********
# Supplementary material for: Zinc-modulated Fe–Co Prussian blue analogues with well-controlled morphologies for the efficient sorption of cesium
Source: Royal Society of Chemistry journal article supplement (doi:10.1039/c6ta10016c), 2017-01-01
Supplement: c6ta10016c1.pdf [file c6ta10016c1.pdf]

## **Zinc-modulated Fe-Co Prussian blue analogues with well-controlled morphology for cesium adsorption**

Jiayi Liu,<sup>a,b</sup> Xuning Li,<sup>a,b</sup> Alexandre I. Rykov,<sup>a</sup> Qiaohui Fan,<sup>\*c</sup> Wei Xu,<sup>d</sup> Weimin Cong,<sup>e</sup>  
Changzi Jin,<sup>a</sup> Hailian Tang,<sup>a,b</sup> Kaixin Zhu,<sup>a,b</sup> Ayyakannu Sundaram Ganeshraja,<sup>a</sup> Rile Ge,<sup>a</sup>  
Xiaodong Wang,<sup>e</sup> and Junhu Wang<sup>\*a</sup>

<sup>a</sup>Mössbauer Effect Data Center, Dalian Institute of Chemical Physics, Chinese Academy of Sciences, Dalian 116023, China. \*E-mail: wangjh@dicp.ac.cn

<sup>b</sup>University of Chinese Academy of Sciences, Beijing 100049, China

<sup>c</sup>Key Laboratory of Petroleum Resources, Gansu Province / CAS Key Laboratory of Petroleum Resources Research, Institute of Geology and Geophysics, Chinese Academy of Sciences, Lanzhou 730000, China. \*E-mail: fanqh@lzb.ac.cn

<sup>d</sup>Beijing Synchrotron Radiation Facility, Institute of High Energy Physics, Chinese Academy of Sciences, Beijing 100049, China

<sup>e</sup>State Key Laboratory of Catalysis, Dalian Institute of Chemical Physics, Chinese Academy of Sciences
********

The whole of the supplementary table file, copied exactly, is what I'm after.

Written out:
# Supplementary material for: Zinc-modulated Fe–Co Prussian blue analogues with well-controlled morphologies for the efficient sorption of cesium
Source: Royal Society of Chemistry journal article supplement (doi:10.1039/c6ta10016c), 2017-01-01
Supplement: c6ta10016c1.pdf [file c6ta10016c1.pdf]

## **Zinc-modulated Fe-Co Prussian blue analogues with well-controlled morphology for cesium adsorption**

Jiayi Liu,<sup>a,b</sup> Xuning Li,<sup>a,b</sup> Alexandre I. Rykov,<sup>a</sup> Qiaohui Fan,<sup>\*c</sup> Wei Xu,<sup>d</sup> Weimin Cong,<sup>e</sup>  
Changzi Jin,<sup>a</sup> Hailian Tang,<sup>a,b</sup> Kaixin Zhu,<sup>a,b</sup> Ayyakannu Sundaram Ganeshraja,<sup>a</sup> Rile Ge,<sup>a</sup>  
Xiaodong Wang,<sup>e</sup> and Junhu Wang<sup>\*a</sup>

<sup>a</sup>Mössbauer Effect Data Center, Dalian Institute of Chemical Physics, Chinese Academy of Sciences, Dalian 116023, China. \*E-mail: wangjh@dicp.ac.cn

<sup>b</sup>University of Chinese Academy of Sciences, Beijing 100049, China

<sup>c</sup>Key Laboratory of Petroleum Resources, Gansu Province / CAS Key Laboratory of Petroleum Resources Research, Institute of Geology and Geophysics, Chinese Academy of Sciences, Lanzhou 730000, China. \*E-mail: fanqh@lzb.ac.cn

<sup>d</sup>Beijing Synchrotron Radiation Facility, Institute of High Energy Physics, Chinese Academy of Sciences, Beijing 100049, China

<sup>e</sup>State Key Laboratory of Catalysis, Dalian Institute of Chemical Physics, Chinese Academy of Sciences